Today’s article comes to you from Breach-Bang-Clear contributor Anthony Winegar. We reckon it’s a great way to begin Warrior Care Month. This is SOC-F, a charity we institutionally stand behind. It’s easy to post pro-veteran memes on social media and hit like – not quite so simple to make the effort to write a check, send some money, do something with your hands. Make that effort. Do more than give platitudes in memory of Brett Shadle and all the others like him. Mad Duo
The Philanthropy of the Special Operations Care Fund
As I looked at the rough outline of the bearded facial profile superimposed on a Magpul Pmag and now frozen on my computer screen, I immediately realized that it was a memorial. Chief Petty Officer Brett Shadle, a.k.a Shady, had only days before died in a parachute accident in Mesa, Arizona. I did not know him personally, but his death’s impact on a small group of dedicated professionals and acquaintances was immediately apparent. In a few short weeks, through generous donations of time and material from several industry powerhouses, one of the SOCF founders named David Kramer along with his tight-knit crew of superheroes were able to turn some Pmags with Shady’s face on them into $30K worth of help for some quiet professionals.
The Special Operations Care Fund (SOC-F) is a 501(c)3 organization dedicated to generating philanthropy and funding for wounded Special Operations personnel and the loved ones of the deceased. SOCF is based in Atlanta and thus removed from the larger military-industrial complex where the charity organization could easily get lost in the shuffle. Additionally, with a small board of four members (none of whom are former military), the organization can move with the same quickness and voracity that makes their beneficiaries such formidable powerhouses. For example, one of the board members got a late-night phone call asking for financial assistance for an SOF family in need. That board member made three phone calls, and the family received the money early the following morning. Simply put, the decision-making process for distributing the money is sleek, simple, and translates into immediate action.
SOCF is 100% volunteer, and when it comes to charities, this is huge. The organization has no overhead costs, no labor costs, and relies on volunteers and philanthropic donations. The only expenses they have are during times when pro-bono just isn’t possible, such as occasional catering costs, etc. SOCF also tries to stay in tempo with the needs of the community. When the time is right for an elegant meal (read: $$$$ per plate, Iron Chef cooked meals, and real cloth napkins), the event is set up to give the operators in attendance a chance to be themselves in a quiet atmosphere. Sometimes, however, there is a need for bigger but still intimate crowds and action-guy like activities such as clay pigeon shooting, barbecue, and auctions. Some of the items I’ve seen (and bid for…sorry honey) have never been seen elsewhere. And keep in mind that the auctioned items are also donated.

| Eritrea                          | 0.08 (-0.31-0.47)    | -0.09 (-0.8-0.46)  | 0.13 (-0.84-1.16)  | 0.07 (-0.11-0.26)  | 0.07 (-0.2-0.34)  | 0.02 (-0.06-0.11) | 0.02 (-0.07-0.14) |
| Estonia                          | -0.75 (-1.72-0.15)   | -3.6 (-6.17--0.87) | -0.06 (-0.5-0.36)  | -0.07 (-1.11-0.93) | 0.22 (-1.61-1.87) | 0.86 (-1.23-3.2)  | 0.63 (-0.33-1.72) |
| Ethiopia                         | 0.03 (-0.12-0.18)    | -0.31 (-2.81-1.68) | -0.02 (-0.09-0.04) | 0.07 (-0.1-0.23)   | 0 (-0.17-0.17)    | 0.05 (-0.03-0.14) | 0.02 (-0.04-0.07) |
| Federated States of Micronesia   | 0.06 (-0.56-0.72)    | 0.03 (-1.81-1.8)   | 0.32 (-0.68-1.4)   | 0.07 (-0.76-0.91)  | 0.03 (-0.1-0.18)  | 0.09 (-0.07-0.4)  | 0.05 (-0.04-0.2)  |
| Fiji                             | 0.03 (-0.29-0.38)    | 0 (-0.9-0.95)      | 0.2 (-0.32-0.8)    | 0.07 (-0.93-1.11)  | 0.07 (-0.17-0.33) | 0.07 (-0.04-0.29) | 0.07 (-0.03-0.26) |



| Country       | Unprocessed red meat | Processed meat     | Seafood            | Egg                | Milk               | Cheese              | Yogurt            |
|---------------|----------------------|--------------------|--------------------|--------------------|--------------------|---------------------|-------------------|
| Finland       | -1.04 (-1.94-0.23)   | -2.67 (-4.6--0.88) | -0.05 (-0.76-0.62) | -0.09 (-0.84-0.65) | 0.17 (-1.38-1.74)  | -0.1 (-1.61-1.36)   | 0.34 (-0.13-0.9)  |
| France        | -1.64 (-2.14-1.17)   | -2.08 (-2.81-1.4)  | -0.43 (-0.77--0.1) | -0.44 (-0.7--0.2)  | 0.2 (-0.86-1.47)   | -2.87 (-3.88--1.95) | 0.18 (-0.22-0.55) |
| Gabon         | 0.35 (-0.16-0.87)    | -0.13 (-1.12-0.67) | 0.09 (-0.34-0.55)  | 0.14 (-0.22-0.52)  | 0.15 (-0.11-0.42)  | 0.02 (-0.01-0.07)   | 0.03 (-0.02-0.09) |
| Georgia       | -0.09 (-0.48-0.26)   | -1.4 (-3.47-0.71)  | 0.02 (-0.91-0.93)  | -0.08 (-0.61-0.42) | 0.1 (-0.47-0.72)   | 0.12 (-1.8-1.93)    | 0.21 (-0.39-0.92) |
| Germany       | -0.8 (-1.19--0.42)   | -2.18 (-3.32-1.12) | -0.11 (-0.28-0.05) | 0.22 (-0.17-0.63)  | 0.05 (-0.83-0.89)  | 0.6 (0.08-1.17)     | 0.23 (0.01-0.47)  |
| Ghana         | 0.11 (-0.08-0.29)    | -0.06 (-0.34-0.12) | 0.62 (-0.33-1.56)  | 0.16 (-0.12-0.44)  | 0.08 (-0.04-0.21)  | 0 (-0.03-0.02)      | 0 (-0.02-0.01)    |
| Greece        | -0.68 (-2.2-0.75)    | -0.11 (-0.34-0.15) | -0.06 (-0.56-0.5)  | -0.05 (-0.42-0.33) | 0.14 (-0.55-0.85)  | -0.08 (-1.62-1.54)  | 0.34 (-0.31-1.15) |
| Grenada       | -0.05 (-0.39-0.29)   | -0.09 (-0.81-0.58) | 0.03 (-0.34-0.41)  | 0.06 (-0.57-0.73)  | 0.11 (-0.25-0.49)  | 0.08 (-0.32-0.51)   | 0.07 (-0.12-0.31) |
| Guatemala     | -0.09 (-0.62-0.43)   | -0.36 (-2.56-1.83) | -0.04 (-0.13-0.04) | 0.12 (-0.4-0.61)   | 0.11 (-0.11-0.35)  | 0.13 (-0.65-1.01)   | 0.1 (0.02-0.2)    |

Because of the secrecy requirements of so many of the beneficiaries, we can never know the full details of the services that are provided to the men and women of the community. There are, however, glimpses into that world that should not go untold. One of those stories involves Grace White, a beautiful little girl (and daughter of a special operations community member) who is battling Diffuse Intrinsic Pontine Glioma (DIPG). Grace is a fighter, full of spunk and determined to live life to its fullest. SOCF stepped up to help make her even stronger by providing a medical flight in a flying hospital room from North Carolina to Ohio for treatment. Their answer to the request was immediate and decisive: “We got it. Put her on the bird!”
So why give money to SOCF? There’s an old saying in CQB: “we die in the gaps.” While referring to violent close-quarters combat, it equally applies to the aftermath and the “gaps” in medical care that the Department of Veterans Affairs may not be able to meet. In many cases, military personnel are forced to turn to the civilian sector to address those deficiencies in care. Lacking insurance coverage, Caring Bridge and GoFundMe accounts have become alternative funding sources. Enter SOCF, who has identified an area where there is no existing 501 (c) 3 and has filled that gap. Though they donate many of their funds to organizations such as the Unit Scholarship Fund, the Special Operations Warrior Foundation and the Lone Survivor Foundation, the group also keeps a reserve on hand for emergencies like the one described above. From medical flights to barometric chamber treatments for those with Traumatic Brain Injury, SOCF has given away a quarter of a million dollars.
SOCF and its generosity provide a distinct and noticeable difference in the lives of men and women who simply cannot, or will not, always be able to ask for help. I am a proud volunteer when asked to be so, and I have seen the transformation in some of the warriors firsthand. I will always be personally grateful to the organization for what they have done for some of my friends. If writing is worth something, I am happy that I have found something to give. I encourage each and every one of you to find the same.
For more information or to directly donate, visit SOCF online here.
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